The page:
Madame Butterfly In Film

Ana María Martínez as the title character in Madame Butterfly (2016); Photo: Ken Howard

Ana María Martínez as the title character in Madame Butterfly (2016); Photo: Ken Howard

Between “Nessun dorma” (Turandot) and “O soave fanciulla” (La Boheme), Puccini’s compositions are arguably the most widely used operatic music in cinema. Yet, it is not only his music that has been used, but also his dramatic storylines. Take Madame Butterfly. The story follows the trials of Cio-Cio San, a Japanese geisha, who marries American naval officer Pinkerton. She loves him, but he abandons her and returns to the United States. Pinkerton returns three years later – a new American wife in tow – and demands that Cio-Cio give up their son. Puccini’s tragic east meets west tale has been adapted into many films (including a 1975 filmed opera starring Mirella Freni and Plácido Domingo and a 1995 filmed opera conducted by James Conlon).

Madame Butterfly (1915)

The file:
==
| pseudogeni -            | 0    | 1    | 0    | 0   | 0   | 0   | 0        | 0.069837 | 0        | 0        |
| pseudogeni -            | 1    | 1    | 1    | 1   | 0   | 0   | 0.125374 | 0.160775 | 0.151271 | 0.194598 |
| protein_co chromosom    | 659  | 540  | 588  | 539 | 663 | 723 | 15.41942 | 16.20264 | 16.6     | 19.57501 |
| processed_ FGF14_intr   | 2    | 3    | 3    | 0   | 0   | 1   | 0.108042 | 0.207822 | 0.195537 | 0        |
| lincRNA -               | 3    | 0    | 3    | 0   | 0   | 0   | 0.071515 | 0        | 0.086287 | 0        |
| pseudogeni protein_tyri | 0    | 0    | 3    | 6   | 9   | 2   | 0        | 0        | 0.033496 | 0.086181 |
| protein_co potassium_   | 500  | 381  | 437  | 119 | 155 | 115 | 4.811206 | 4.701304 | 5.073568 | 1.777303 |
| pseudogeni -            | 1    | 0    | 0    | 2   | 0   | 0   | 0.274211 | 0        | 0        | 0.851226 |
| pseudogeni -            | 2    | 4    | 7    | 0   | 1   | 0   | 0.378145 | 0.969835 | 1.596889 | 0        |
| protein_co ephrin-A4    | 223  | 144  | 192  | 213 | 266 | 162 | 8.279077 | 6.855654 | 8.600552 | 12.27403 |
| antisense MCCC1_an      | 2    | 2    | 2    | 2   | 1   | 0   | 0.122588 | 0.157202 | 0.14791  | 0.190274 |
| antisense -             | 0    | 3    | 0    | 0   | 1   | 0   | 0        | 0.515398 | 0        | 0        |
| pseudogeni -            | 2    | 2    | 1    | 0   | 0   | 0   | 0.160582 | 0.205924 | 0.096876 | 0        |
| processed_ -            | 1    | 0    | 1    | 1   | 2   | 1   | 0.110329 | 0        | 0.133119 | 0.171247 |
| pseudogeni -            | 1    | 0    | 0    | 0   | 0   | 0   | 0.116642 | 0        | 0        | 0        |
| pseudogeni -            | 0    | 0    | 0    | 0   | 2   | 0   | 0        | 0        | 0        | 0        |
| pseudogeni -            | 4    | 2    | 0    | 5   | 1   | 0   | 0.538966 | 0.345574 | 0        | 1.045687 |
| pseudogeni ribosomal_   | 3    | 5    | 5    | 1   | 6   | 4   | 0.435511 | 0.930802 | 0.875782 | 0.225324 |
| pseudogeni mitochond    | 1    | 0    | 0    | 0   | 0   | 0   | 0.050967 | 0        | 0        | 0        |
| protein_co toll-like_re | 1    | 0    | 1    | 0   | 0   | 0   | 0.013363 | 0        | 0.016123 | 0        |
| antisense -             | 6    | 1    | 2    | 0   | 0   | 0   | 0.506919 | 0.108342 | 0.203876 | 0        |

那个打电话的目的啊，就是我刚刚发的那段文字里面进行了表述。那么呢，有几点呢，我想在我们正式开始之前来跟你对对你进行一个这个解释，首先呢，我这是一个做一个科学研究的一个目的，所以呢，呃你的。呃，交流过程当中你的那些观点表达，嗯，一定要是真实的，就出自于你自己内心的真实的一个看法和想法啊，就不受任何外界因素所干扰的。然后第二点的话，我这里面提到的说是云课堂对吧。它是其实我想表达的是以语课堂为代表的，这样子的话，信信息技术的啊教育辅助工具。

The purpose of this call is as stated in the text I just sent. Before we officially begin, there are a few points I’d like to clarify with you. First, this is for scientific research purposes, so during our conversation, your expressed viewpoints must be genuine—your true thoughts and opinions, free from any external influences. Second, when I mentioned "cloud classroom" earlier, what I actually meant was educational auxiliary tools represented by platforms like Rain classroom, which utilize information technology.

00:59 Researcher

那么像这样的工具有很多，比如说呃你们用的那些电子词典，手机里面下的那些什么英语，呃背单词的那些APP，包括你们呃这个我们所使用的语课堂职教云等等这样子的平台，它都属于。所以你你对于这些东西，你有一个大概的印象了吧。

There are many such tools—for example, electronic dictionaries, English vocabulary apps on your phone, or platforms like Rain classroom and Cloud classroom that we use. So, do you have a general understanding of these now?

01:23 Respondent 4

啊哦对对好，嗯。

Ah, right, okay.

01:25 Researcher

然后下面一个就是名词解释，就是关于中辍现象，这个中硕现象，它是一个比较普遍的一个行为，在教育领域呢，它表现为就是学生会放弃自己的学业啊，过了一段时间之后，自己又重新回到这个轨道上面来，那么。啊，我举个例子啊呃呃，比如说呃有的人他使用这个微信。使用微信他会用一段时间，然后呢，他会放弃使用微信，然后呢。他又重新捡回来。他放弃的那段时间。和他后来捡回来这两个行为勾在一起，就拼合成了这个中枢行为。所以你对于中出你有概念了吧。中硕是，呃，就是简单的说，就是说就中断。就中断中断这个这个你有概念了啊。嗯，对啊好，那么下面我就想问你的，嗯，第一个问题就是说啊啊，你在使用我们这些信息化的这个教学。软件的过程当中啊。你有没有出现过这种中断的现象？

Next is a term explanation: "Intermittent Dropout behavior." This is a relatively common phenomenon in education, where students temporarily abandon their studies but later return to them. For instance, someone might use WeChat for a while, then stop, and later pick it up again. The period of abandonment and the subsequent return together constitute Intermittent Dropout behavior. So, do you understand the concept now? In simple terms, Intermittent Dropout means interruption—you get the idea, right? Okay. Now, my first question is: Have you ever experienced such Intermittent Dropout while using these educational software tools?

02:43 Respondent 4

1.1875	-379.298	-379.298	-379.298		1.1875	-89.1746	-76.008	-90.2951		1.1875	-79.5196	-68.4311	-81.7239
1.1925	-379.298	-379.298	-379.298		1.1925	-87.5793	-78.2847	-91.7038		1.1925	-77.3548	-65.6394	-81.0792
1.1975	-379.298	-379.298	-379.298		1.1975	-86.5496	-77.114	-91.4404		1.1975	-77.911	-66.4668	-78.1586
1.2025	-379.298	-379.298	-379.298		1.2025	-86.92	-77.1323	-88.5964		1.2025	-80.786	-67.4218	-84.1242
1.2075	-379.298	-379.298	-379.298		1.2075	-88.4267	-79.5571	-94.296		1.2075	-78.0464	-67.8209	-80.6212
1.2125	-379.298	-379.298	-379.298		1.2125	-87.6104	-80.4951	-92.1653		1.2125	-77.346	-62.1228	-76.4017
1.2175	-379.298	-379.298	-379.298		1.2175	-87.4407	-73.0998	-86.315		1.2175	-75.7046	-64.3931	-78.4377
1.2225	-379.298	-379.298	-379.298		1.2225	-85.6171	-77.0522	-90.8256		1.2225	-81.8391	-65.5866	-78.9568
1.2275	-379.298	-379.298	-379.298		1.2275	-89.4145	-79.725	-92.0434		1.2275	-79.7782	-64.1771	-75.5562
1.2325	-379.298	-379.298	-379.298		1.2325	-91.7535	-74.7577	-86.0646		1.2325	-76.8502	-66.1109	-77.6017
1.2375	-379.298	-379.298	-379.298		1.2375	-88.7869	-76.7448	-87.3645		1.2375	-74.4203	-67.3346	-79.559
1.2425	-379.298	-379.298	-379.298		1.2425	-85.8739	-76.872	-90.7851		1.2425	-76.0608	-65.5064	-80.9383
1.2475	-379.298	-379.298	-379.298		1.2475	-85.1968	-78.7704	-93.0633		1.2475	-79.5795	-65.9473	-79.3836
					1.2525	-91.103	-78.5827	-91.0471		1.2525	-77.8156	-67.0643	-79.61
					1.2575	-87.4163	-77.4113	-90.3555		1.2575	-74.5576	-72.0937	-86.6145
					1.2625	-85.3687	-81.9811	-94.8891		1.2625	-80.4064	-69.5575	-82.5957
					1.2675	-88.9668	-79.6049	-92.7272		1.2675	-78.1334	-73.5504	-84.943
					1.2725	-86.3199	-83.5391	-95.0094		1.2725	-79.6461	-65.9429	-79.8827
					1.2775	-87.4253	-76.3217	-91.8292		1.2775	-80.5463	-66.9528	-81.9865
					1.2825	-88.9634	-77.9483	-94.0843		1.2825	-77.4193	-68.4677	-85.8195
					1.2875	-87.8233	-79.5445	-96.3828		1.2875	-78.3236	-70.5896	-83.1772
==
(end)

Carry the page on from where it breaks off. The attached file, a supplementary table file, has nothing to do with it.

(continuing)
This film is what happens when one of the greatest silent movie actresses – Mary Pickford – tackles Madame Butterfly.

Madame Butterfly (1932)

Marion Gering’s film is not a musical, but it does utilize a significant amount of Puccini’s music and stars a dashingly youthful Cary Grant as Pinkerton.

  1. Butterfly (1993)

David Cronenberg (who made his LA Opera debut directing The Fly in 2008) updated Puccini’s tale to 1960s China, just before the Cultural Revolution. In the film, a French diplomat (Jeremy Irons) falls in love with a Chinese opera diva, unaware that she is actually a man (played by John Lone).

Of all the heartbreaking music in Madame Butterfly, nothing strikes a chord like Cio-Cio-San’s aria, “Un bel di vedremo.” In the aria, she sings about the beautiful day when Pinkerton will return and how she will wait for him to come to her. Many other films have used this aria, including Factory Girl, The Last Station, The American, and Colombiana. Perhaps the most well-known is scenes from the heavily Butterfly inspired film, Fatal Attraction (starring Michael Douglas and Glenn Close). In the film, Dan Gallagher (Douglas) has an affair with Alex Forrest (Glenn Close). Gallagher tries to abandon her, but she will not be thrown away. Forrest identifies with Cio-Cio-San, even solemnly listening to “Un bel di vedremo,” while sitting near a lamp and thinking of Gallagher. The similarities do not end there. Fatal Attraction’s original ending (see below) has Forrest killing herself to the famous aria.

The uses of Madame Butterfly in film are yet another example that – like the Force – the opera and film connection is strong.

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